According to Manuel Palacio and Eugeni Bonet's correct diagnosis, Spanish experimental and art cinema have always been "in a perpetually embryonic state" (1). Historian and essayist Román Gubern has traced the origin of this absence of avant-garde cinema in Spain back to the 1920s (2). Having exhaustively researched films created with formally experimental intentions or a deliberately transgressive attitude, Gubern indicates the factors causing this absence which he ultimately boils down to one underlying circumstance: the lack of a solid film industry to fight against. His book Proyector de Luna- about the relationship between the '27 generation writers and the cinema- closes with an analysis of the collaboration between director Luis Buñuel and painter Salvador Dalí. He comments on the production vicissitudes of the most famous Surrealist film, explaining its origin: "Un Chien andalou got Spanish financing, was filmed in Paris, with French studios and technicians, and with the title and original credits in French" (3). This geographical displacement is a definitive example of the precariousness of a production, distribution and exhibition situation which has relegated practically every attempt at avant-garde cinema to the status of an anomalous one-off, without any kind of continuity.

Although there isn't really a tradition of avant-garde cinema in Spain, a number of avant-garde elements cropped up in early fiction features, films now sadly lost, like Madrid en el año 2000 (1925) by Manuel Noriega, shorts like Historia de un duro (1928) by Sabino Antonio Micón, Esencia de verbena (1930) by Ernesto Giménez Caballero and narrative movies with metafilmic and self-reflexive plots like the ones by Nemesio Manuel Sobrevila (El Sexto Sentido and Al Hollywood madrileño (1927), also lost).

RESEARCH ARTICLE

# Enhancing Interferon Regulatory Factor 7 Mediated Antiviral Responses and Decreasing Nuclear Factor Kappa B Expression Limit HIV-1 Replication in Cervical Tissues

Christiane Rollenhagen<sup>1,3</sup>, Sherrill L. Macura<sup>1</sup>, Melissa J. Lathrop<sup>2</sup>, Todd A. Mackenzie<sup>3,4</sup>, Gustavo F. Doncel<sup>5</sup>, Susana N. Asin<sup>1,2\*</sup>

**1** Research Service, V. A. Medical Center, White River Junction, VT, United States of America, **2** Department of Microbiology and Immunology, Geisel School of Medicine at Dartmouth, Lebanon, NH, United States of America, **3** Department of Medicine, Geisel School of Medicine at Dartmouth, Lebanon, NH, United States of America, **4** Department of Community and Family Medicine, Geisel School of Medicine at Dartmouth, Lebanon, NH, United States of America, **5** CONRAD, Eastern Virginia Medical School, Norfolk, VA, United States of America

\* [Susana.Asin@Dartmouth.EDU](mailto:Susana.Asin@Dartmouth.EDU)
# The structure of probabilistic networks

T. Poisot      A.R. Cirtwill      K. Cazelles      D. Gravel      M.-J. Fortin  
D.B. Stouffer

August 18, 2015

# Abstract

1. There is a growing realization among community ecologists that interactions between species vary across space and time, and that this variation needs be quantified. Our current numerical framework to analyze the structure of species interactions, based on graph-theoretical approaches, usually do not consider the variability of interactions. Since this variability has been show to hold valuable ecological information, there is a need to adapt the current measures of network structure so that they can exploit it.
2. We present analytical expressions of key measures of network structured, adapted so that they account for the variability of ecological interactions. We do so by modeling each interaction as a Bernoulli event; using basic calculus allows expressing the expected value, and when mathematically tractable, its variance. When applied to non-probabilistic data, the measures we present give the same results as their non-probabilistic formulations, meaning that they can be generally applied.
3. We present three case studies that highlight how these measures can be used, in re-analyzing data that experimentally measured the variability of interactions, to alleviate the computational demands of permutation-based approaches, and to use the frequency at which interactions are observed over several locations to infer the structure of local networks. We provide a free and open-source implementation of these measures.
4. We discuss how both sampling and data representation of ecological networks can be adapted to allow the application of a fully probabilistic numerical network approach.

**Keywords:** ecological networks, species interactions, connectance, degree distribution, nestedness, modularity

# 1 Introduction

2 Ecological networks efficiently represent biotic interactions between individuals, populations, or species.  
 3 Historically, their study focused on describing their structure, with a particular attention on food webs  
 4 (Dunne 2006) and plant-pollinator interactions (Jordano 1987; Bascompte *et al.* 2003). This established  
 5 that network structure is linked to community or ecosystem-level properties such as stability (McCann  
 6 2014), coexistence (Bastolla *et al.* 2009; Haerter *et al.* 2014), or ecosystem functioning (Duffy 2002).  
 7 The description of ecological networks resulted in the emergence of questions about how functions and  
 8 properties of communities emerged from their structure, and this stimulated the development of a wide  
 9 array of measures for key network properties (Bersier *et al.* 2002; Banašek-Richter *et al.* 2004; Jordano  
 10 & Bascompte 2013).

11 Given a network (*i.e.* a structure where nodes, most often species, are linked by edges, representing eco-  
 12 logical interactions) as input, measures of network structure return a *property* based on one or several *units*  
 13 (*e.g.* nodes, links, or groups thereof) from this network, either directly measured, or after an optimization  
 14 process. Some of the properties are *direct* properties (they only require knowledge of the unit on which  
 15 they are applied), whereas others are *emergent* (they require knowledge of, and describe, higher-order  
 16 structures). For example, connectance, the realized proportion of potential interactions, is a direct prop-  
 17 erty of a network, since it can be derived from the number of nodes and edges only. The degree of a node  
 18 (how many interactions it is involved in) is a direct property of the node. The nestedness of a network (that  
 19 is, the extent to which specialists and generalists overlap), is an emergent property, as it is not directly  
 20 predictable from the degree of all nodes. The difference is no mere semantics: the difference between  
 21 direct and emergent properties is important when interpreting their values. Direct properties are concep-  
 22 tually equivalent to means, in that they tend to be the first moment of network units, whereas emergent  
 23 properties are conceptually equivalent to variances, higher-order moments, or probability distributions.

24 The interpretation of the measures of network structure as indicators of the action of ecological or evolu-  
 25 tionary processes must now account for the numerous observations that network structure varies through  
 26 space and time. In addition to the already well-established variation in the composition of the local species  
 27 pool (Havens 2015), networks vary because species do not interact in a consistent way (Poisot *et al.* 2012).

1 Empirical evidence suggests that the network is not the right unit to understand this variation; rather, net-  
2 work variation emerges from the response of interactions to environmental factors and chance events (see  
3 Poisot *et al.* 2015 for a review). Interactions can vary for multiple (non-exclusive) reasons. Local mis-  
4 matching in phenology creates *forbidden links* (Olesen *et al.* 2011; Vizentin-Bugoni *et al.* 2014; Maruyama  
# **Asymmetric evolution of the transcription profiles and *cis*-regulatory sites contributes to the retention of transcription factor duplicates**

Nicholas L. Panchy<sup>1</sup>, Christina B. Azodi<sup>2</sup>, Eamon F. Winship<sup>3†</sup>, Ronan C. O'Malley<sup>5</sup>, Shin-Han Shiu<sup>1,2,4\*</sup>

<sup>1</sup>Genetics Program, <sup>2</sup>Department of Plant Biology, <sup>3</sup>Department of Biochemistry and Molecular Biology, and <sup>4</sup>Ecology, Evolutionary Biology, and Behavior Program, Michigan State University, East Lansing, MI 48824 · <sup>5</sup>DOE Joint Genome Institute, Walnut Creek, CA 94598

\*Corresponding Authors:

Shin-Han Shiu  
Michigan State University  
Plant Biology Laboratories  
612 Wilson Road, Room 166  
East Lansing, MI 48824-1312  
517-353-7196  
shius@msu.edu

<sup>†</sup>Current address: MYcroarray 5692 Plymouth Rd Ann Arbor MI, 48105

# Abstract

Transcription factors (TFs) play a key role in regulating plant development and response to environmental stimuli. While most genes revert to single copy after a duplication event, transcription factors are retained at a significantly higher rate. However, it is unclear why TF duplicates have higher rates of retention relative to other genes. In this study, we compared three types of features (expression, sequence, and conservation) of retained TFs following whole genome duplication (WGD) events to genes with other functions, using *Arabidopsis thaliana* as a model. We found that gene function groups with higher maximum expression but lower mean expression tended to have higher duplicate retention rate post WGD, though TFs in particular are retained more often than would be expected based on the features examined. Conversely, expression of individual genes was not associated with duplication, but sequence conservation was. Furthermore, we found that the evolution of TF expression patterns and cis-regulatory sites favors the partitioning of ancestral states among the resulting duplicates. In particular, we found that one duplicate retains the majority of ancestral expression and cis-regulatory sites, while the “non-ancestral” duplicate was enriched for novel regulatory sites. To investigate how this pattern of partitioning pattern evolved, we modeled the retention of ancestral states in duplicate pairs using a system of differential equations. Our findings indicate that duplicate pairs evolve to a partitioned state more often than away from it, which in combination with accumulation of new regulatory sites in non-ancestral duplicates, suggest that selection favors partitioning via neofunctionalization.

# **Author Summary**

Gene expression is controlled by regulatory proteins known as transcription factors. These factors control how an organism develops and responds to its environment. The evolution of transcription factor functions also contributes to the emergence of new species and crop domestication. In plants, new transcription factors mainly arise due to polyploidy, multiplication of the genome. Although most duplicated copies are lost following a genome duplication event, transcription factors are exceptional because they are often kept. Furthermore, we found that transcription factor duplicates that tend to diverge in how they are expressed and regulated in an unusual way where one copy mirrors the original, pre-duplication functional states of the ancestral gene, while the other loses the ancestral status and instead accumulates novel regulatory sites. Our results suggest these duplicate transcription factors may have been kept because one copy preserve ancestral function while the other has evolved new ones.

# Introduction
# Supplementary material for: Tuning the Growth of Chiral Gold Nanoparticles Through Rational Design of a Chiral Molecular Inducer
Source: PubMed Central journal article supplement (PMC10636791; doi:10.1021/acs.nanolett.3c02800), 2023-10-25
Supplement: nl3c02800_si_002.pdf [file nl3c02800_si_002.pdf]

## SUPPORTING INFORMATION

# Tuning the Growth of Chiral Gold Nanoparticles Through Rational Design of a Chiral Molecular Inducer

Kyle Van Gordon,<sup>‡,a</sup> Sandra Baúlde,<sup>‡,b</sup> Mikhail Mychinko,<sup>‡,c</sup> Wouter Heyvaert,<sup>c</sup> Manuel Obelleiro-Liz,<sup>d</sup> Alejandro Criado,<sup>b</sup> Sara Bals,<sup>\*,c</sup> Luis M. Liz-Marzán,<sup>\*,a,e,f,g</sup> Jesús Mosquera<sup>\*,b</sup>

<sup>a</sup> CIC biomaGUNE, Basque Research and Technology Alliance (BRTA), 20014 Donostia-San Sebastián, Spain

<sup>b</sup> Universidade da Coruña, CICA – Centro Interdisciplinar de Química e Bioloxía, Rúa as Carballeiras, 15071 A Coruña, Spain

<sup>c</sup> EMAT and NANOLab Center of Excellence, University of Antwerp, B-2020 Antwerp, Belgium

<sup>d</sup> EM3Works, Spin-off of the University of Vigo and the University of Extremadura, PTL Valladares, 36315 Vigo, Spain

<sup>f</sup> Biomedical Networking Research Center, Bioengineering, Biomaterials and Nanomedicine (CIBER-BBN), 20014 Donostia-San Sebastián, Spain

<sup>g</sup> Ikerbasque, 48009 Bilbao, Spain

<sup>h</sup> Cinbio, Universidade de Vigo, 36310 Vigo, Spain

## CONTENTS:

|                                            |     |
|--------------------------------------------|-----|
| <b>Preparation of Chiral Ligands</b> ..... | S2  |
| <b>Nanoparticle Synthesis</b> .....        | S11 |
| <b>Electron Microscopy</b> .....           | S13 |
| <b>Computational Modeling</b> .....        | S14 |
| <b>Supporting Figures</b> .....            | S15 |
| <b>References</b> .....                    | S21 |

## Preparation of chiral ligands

Granadian filmmaker José Val del Omar is the only representative of avant-garde cinema to break with characteristics of early 20th century filmmaking and create powerful, unprecedented works employing a purely audio/visual poetics. His films have much in common with ‘60s North American experimental filmmaking. Eugeni Bonet situates the films Aguaespejo Granadino (1953-55) and Fuego en Castilla (Tatilvisión del páramo del espanto) (1958-60) between the graphic experiments of the ‘20 and ‘30 avant-garde and the technical solutions of late ‘60s expanded cinema (4). Val del Omar is a visionary auteur possessed of a deep visual lyricism (making wide use of superimpositions, slow motion, freeze frames, optical filters, etc), an inventive artist and restless engineer able to create unique, immersive and unrepeatable cinematic experiences imbued with luminous religiosity and transcendent mysticism. His influence is detectable in the work of some young contemporary filmmakers, but not in that of ‘60s and ‘70s cinema. That epoch was dominated by the systematic fight of artists against the political and cultural repressions of the Franco regime.